Training for Innovation – How science and technology can contribute to a better life for all
Innovation has long been recognised as a driving force of multidimensional development. Cutting-edge research, scientific progress and original ideas in the domains of science, technology and industry constitute advancements that can widely improve the well-being of our societies.
Innovation results from linking fresh perspectives, the latest methods and the will to address the leading questions of our time. In the context of international and multilateral cooperation and in consideration of these pressing issues, innovation in key thematic areas of the region, such as water, health and energy, can address environmental problems, alleviate social inequalities, and significantly contribute to sustainable development and inclusive growth.
Launching the first COSIMENA Summer School on Training for Innovation
16th-29th September 2017
In line with COSIMENA’s goal to tackle today’s global challenges by fostering scientific collaboration, the DAAD Office Cairo, in cooperation with the Arab Academy for Science, Technology & Maritime Transport, organised the first “COSIMENA Summer School” under the title “Training for Innovation – How science and technology can contribute to a better life for all”. The Summer School aims at training young researchers to become adept innovators in their respective fields.
The 30 young researchers and experts who participated in the two-week Summer School came from 9 different countries among the MENA Region – Egypt, Tunisia, Algeria, Sudan, Morocco, Jordan, Libya, Syria and Lebanon – as well as Germany.
The Summer School was divided into the 3 main clusters of Innovation, Water and Health, in addition to a “Self-Marketing” DKA Module led by Dr Heba Salama, Alexandria University.
Participants were divided into 5 working groups to share their experiences and familiarise themselves with the different methodologies, policies and strategies adopted in each country. Each cluster ended with a joint presentation summarising what each group had learned and what knowledge they could take back to benefit their home countries. It is worth mentioning that different trainers introduced each cluster: Dr Annika Arnold was responsible for Innovation and Energy, Dr Eng. Stefan Panglisch, Dr Ashraf Hilal and Dr Meike Lenzen presented Water, and Dr Mohamed Nour tackled the Health cluster.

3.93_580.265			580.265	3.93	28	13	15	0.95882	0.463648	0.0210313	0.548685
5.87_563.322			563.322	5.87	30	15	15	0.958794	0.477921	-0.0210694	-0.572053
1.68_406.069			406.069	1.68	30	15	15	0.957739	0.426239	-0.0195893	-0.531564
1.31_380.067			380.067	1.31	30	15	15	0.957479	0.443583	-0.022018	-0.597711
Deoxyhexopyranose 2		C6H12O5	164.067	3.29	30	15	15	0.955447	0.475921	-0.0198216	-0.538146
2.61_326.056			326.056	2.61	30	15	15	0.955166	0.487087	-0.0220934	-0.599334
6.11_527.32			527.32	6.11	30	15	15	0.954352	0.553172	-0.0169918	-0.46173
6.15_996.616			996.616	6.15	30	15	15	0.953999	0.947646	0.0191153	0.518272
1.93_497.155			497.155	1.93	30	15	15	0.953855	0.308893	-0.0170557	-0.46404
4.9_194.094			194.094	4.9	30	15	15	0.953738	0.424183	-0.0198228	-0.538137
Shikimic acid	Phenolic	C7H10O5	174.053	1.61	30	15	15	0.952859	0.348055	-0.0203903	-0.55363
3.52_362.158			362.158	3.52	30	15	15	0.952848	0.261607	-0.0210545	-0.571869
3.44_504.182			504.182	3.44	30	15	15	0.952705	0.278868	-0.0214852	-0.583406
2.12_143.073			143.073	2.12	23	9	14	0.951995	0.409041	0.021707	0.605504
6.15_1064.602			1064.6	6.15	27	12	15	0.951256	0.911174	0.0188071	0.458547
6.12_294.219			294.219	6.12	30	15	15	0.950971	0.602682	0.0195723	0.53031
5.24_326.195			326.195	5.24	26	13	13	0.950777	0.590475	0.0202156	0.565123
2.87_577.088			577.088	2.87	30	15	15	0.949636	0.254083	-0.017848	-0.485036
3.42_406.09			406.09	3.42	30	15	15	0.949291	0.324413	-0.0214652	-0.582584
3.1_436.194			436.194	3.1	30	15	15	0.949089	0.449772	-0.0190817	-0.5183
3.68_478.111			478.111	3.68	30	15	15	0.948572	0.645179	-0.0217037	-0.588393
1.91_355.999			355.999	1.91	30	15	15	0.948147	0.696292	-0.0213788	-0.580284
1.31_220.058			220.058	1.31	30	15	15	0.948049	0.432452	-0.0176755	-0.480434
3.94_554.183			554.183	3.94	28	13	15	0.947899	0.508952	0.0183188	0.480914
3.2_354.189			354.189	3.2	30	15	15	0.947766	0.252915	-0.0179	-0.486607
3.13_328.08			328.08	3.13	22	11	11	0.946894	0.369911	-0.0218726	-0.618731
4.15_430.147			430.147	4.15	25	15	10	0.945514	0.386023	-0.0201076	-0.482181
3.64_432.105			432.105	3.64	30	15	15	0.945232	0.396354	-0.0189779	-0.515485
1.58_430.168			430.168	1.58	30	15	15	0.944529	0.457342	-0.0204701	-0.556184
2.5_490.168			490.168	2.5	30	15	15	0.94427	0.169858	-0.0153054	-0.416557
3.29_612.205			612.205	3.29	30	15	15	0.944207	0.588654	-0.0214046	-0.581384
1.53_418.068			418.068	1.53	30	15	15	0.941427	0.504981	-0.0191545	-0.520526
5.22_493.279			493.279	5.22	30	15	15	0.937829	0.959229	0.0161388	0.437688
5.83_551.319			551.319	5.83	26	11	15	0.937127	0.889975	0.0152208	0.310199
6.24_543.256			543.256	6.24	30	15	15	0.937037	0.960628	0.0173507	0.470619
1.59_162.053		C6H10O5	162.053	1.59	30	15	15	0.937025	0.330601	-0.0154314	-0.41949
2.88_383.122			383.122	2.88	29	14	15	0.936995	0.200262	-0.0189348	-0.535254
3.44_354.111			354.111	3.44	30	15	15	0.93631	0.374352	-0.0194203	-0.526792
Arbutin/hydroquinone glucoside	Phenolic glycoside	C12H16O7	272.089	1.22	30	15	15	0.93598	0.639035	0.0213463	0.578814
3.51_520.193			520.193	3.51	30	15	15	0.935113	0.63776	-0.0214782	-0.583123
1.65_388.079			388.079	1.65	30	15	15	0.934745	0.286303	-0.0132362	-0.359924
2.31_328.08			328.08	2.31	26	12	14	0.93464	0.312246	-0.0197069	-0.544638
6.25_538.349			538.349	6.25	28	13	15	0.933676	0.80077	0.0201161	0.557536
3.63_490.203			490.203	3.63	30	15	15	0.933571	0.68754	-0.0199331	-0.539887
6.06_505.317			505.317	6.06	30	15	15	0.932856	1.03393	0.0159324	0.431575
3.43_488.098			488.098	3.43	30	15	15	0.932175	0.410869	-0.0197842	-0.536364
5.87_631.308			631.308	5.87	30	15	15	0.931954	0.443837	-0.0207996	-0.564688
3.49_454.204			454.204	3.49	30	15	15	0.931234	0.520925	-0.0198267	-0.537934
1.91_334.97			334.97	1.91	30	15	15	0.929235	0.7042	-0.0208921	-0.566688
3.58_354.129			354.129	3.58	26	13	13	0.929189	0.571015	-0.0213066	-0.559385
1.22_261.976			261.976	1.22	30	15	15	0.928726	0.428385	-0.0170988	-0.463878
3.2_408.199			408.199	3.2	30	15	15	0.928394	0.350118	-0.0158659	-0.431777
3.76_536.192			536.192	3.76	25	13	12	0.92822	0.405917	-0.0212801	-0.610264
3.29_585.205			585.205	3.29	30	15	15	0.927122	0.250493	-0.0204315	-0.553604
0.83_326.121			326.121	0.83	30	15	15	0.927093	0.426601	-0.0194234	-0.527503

By the end of the Summer School, participants had gathered insights into membrane technology, wastewater treatment and Nexus, as well as being introduced to new information and international points of view, allowing them to understand the concept of innovation in a Multi-Level-Perspective context.
The working groups presented different innovative projects with respect to water solutions that could be implemented in the MENA Region: a New Ceramic Filter, an Integrated Micro-System for grey water processing, Green Villages, an Integrated wastewater treatment system and the development of smart cities to create sustainable communities.
Ms Louise Sarant, an environment and science journalist and moderator of the closing session, gave the participants the advice, “think big but start small”. The participants’ main vision should be developing innovative projects, but upon implementation they should start with the small ideas that are actually practicable.
The participants came to the conclusion that each country has its own challenges and opportunities in terms of its innovation and progress. However, most agreed that there are common challenges in the MENA countries, such as high unemployment rates, low investment in R&D, high population growth rates and lack of good infrastructure, etc.
Challenges are not only faced in developing countries but also in developed countries like Germany. Germany is facing other kinds of challenges since it has a lower level of digitalization than other leading countries and a slow adaptation process in the educational sector.
One of the best outcomes of the COSIMENA Summer School is the social network built among the participants. Having 30 participants from 10 different countries enriched the interdisciplinary aspect of the Summer School. This network established among the participants will be sustained through the social media channels with which they will continue to share their experiences and maintain cooperative relationships.